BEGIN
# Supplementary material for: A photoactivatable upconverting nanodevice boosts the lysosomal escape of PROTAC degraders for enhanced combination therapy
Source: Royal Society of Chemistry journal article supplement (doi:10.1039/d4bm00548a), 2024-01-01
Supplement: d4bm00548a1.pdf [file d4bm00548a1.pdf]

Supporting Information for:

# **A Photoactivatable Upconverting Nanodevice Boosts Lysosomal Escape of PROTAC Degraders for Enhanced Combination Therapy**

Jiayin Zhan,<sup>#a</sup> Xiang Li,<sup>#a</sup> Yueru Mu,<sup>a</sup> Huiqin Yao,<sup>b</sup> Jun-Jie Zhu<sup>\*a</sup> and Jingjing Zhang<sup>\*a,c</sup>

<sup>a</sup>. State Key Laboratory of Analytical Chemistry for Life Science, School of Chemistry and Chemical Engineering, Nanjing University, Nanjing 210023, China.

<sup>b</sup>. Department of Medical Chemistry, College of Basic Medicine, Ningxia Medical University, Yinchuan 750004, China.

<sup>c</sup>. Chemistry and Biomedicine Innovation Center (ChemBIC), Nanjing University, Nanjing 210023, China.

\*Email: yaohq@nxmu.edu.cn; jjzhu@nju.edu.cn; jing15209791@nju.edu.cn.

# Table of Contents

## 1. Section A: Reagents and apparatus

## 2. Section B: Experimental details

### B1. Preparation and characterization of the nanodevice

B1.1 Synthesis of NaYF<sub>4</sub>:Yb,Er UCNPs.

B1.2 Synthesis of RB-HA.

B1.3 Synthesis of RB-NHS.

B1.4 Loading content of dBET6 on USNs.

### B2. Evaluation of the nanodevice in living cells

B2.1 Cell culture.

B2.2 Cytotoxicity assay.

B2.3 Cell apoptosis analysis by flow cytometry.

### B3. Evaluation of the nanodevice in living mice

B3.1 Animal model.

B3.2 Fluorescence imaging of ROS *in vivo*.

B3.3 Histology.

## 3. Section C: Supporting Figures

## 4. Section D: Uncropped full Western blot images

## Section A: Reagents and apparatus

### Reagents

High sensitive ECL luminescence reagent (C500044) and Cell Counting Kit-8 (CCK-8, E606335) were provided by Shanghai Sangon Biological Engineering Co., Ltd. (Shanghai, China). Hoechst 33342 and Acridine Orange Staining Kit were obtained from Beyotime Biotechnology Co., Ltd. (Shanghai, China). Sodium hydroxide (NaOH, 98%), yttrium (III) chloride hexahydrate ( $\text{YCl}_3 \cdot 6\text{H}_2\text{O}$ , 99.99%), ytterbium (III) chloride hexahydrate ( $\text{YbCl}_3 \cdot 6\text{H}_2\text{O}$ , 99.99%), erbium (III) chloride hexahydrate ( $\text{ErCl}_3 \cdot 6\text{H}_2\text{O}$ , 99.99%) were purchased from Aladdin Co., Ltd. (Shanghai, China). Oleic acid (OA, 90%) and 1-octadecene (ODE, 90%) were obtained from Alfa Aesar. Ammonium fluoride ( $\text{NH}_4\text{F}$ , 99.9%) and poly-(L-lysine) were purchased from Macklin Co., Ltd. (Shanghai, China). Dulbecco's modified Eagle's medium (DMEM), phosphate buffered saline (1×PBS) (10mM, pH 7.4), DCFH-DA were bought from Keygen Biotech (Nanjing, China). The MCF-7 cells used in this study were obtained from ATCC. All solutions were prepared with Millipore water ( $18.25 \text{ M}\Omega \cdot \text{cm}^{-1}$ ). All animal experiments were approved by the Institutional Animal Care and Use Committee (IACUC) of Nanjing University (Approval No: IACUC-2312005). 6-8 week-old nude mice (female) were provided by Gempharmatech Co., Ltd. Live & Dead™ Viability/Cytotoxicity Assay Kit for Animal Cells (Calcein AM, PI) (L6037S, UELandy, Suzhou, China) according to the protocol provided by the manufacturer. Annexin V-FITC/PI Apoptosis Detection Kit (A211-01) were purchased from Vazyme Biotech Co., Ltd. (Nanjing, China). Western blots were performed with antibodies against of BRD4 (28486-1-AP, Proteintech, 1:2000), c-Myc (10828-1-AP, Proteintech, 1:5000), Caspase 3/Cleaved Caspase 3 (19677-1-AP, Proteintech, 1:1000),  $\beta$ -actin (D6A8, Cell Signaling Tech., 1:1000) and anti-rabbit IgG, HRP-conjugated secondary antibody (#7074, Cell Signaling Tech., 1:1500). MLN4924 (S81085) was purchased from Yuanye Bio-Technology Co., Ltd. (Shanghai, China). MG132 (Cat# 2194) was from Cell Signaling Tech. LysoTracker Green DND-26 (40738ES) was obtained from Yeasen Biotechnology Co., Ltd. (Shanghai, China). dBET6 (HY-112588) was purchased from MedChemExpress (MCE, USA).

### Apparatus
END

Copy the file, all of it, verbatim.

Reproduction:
# Supplementary material for: A photoactivatable upconverting nanodevice boosts the lysosomal escape of PROTAC degraders for enhanced combination therapy
Source: Royal Society of Chemistry journal article supplement (doi:10.1039/d4bm00548a), 2024-01-01
Supplement: d4bm00548a1.pdf [file d4bm00548a1.pdf]

Supporting Information for:

# **A Photoactivatable Upconverting Nanodevice Boosts Lysosomal Escape of PROTAC Degraders for Enhanced Combination Therapy**

Jiayin Zhan,<sup>#a</sup> Xiang Li,<sup>#a</sup> Yueru Mu,<sup>a</sup> Huiqin Yao,<sup>b</sup> Jun-Jie Zhu<sup>\*a</sup> and Jingjing Zhang<sup>\*a,c</sup>

<sup>a</sup>. State Key Laboratory of Analytical Chemistry for Life Science, School of Chemistry and Chemical Engineering, Nanjing University, Nanjing 210023, China.

<sup>b</sup>. Department of Medical Chemistry, College of Basic Medicine, Ningxia Medical University, Yinchuan 750004, China.

<sup>c</sup>. Chemistry and Biomedicine Innovation Center (ChemBIC), Nanjing University, Nanjing 210023, China.

\*Email: yaohq@nxmu.edu.cn; jjzhu@nju.edu.cn; jing15209791@nju.edu.cn.

# Table of Contents

## 1. Section A: Reagents and apparatus

## 2. Section B: Experimental details

### B1. Preparation and characterization of the nanodevice

B1.1 Synthesis of NaYF<sub>4</sub>:Yb,Er UCNPs.

B1.2 Synthesis of RB-HA.

B1.3 Synthesis of RB-NHS.

B1.4 Loading content of dBET6 on USNs.

### B2. Evaluation of the nanodevice in living cells

B2.1 Cell culture.

B2.2 Cytotoxicity assay.

B2.3 Cell apoptosis analysis by flow cytometry.

### B3. Evaluation of the nanodevice in living mice

B3.1 Animal model.

B3.2 Fluorescence imaging of ROS *in vivo*.

B3.3 Histology.

## 3. Section C: Supporting Figures

## 4. Section D: Uncropped full Western blot images

## Section A: Reagents and apparatus

### Reagents

High sensitive ECL luminescence reagent (C500044) and Cell Counting Kit-8 (CCK-8, E606335) were provided by Shanghai Sangon Biological Engineering Co., Ltd. (Shanghai, China). Hoechst 33342 and Acridine Orange Staining Kit were obtained from Beyotime Biotechnology Co., Ltd. (Shanghai, China). Sodium hydroxide (NaOH, 98%), yttrium (III) chloride hexahydrate ( $\text{YCl}_3 \cdot 6\text{H}_2\text{O}$ , 99.99%), ytterbium (III) chloride hexahydrate ( $\text{YbCl}_3 \cdot 6\text{H}_2\text{O}$ , 99.99%), erbium (III) chloride hexahydrate ( $\text{ErCl}_3 \cdot 6\text{H}_2\text{O}$ , 99.99%) were purchased from Aladdin Co., Ltd. (Shanghai, China). Oleic acid (OA, 90%) and 1-octadecene (ODE, 90%) were obtained from Alfa Aesar. Ammonium fluoride ( $\text{NH}_4\text{F}$ , 99.9%) and poly-(L-lysine) were purchased from Macklin Co., Ltd. (Shanghai, China). Dulbecco's modified Eagle's medium (DMEM), phosphate buffered saline (1×PBS) (10mM, pH 7.4), DCFH-DA were bought from Keygen Biotech (Nanjing, China). The MCF-7 cells used in this study were obtained from ATCC. All solutions were prepared with Millipore water ( $18.25 \text{ M}\Omega \cdot \text{cm}^{-1}$ ). All animal experiments were approved by the Institutional Animal Care and Use Committee (IACUC) of Nanjing University (Approval No: IACUC-2312005). 6-8 week-old nude mice (female) were provided by Gempharmatech Co., Ltd. Live & Dead™ Viability/Cytotoxicity Assay Kit for Animal Cells (Calcein AM, PI) (L6037S, UELandy, Suzhou, China) according to the protocol provided by the manufacturer. Annexin V-FITC/PI Apoptosis Detection Kit (A211-01) were purchased from Vazyme Biotech Co., Ltd. (Nanjing, China). Western blots were performed with antibodies against of BRD4 (28486-1-AP, Proteintech, 1:2000), c-Myc (10828-1-AP, Proteintech, 1:5000), Caspase 3/Cleaved Caspase 3 (19677-1-AP, Proteintech, 1:1000),  $\beta$ -actin (D6A8, Cell Signaling Tech., 1:1000) and anti-rabbit IgG, HRP-conjugated secondary antibody (#7074, Cell Signaling Tech., 1:1500). MLN4924 (S81085) was purchased from Yuanye Bio-Technology Co., Ltd. (Shanghai, China). MG132 (Cat# 2194) was from Cell Signaling Tech. LysoTracker Green DND-26 (40738ES) was obtained from Yeasen Biotechnology Co., Ltd. (Shanghai, China). dBET6 (HY-112588) was purchased from MedChemExpress (MCE, USA).

### Apparatus